Student activists have repeatedly petitioned that the administration do something to address campus climate with regard to Asian American students. The hostile on-campus environment for Asian American students was demonstrated in 2013 when a fraternity, Kappa Sigma, held an anti-Asian themed party which included a really racist publicity email and party-goers dressed in geisha-gear, coolie hats, and other forms of costumed yellowface.
Since 2013 (and indeed, since much earlier), Asian American students at Duke have pointed out that an Asian American Studies program and major would go a long way towards addressing a campus climate that would allow a frat to organize a racist, anti-Asian costume party in the first place.
Dear Asian American Men’s Rights Activists (MRAs):
I’ve come across your Reddit threads, your Twitter profiles, and your takes on pop culture. I’m writing to call you out on your take on masculinity, Asian American women, and feminism. Whether you choose to read on or not will reveal your willingness to hear out a fellow Asian American woman’s take on your opinions: it’s your call.
Though you might not have labelled yourself as an MRA, if you agree that the feminist movement takes power away from men, this letter is for you. From what I’ve read, the MRA community began in the early 1970s as an assertion that gender equality had gone too far, and that women had actually started to, in Beyoncé’s words, run the world. The MRA movement has resurfaced online in Asian American digital circles. But the MRA perspective overlooks that men already possess rights and privileges that women do not. So here’s the first thing for you to consider: the point of feminism is not to take your power away.
The term “Men’s Rights Activists” demands that we prioritize the alleged victimization of men. It poses the question, “What about the oppression that we, Asian-American men face? What about our rights?” When this question is posed in opposition to feminism, it suggests that you see empowerment as a limited resource— what some would label as a scarcity mindset— wherein the more empowered that women (particularly Asian American women) are, the more “emasculated” you see yourselves as becoming. But feminism isn’t about taking anything away from people. Neither is it primarily about you (men) in the first place, but as men, your supporting role in feminism is an essential one. In a society that dismisses women’s opinions and complaints as insubstantial or overly emotional, you, as men, can leverage your gender privilege to help others listen to what women have to say.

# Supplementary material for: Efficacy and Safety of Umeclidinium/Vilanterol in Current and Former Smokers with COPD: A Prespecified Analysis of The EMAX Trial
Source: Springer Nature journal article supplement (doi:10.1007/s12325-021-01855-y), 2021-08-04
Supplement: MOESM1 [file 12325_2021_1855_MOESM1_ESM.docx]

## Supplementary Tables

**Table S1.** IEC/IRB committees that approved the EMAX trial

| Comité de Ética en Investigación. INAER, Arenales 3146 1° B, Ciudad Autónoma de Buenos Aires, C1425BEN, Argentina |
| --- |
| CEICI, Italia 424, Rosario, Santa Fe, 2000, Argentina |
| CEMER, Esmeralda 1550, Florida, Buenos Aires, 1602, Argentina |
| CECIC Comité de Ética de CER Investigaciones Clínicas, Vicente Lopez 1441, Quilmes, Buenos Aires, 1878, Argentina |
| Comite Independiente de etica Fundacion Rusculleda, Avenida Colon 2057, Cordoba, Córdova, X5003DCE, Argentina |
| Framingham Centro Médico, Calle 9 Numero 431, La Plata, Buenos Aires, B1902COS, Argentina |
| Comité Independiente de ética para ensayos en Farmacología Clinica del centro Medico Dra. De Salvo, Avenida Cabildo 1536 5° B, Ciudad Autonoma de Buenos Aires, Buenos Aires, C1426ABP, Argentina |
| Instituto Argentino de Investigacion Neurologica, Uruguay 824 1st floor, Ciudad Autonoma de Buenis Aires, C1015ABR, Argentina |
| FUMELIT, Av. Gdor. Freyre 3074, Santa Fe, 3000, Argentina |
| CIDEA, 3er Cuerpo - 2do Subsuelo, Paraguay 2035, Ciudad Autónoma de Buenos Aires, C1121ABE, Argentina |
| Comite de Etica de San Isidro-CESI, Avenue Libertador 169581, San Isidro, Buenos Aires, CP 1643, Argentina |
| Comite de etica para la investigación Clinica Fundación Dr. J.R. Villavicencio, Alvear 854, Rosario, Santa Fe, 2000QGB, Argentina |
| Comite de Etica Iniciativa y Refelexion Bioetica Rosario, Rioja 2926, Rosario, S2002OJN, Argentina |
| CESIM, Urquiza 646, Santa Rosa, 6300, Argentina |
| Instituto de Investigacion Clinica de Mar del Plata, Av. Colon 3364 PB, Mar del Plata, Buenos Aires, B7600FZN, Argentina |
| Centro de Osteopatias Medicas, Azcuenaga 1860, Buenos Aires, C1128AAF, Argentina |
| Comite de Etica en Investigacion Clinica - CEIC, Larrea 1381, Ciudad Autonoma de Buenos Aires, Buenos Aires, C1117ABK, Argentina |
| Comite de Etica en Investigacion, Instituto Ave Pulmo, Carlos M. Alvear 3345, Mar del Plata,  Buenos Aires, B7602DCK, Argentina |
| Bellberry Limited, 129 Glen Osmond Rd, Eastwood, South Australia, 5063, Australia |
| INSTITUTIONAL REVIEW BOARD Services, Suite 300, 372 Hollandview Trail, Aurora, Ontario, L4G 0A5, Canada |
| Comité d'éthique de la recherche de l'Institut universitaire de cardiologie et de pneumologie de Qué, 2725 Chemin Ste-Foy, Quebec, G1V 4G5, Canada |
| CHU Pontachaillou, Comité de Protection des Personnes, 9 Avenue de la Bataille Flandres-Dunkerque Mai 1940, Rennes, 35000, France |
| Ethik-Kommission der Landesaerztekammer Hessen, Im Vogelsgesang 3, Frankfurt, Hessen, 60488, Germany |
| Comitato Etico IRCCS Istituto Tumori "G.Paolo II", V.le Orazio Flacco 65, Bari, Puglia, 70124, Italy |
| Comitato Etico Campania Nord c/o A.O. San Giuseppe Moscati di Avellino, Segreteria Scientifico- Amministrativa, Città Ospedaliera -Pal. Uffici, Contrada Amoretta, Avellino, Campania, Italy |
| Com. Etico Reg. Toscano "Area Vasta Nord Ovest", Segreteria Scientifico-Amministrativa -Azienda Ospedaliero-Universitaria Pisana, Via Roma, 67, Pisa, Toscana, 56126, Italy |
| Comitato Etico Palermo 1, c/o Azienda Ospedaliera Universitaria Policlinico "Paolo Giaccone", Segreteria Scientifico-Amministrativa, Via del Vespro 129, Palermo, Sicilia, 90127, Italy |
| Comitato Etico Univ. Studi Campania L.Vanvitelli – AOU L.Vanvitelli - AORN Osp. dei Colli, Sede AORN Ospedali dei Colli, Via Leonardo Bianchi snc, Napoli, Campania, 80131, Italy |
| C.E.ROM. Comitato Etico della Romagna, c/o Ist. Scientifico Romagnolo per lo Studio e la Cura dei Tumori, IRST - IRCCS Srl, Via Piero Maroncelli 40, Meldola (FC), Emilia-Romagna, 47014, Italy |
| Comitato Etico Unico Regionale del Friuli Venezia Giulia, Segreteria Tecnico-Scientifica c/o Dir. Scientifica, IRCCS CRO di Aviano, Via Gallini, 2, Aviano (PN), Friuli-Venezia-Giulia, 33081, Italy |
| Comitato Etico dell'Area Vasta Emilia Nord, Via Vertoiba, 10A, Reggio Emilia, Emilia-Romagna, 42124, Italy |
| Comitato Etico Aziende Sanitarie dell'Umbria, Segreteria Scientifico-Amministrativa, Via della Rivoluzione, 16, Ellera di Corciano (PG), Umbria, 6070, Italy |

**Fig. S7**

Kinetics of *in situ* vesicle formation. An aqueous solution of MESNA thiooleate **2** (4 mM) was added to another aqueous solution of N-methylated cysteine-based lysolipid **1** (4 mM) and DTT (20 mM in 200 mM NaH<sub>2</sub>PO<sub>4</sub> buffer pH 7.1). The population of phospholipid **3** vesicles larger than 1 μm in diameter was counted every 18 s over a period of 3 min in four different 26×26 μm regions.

You don’t know me, and I don’t know you. In many ways, our stories are different. I am ethnically Chinese, not Korean. My first language is English. I have not (yet) been married. I am not (yet) a mother.
But in many ways, our stories are similar. Like you, I am an immigrant and an Asian American woman. Like you, I’ve had to navigate the complex web of U.S. immigration law just to maintain my life here, and like you, I’ve felt the fear that comes with the possibility of falling out of status. Like you, I’ve lain awake at night terrified that I have run out of options; that I am trapped; that there’s nobody who will help, or will even understand what’s happening.
I can only imagine how much harder trying to survive U.S. immigration law would be when also a survivor of domestic violence. As immigrants and women of colour and with already so few options available, I can only imagine what it’s like to have the possibilities further limited by having to secure not only your own physical safety, but also the physical safety of your child.
They say that domestic abuse is about exerting power. I think it is about weaponizing fear.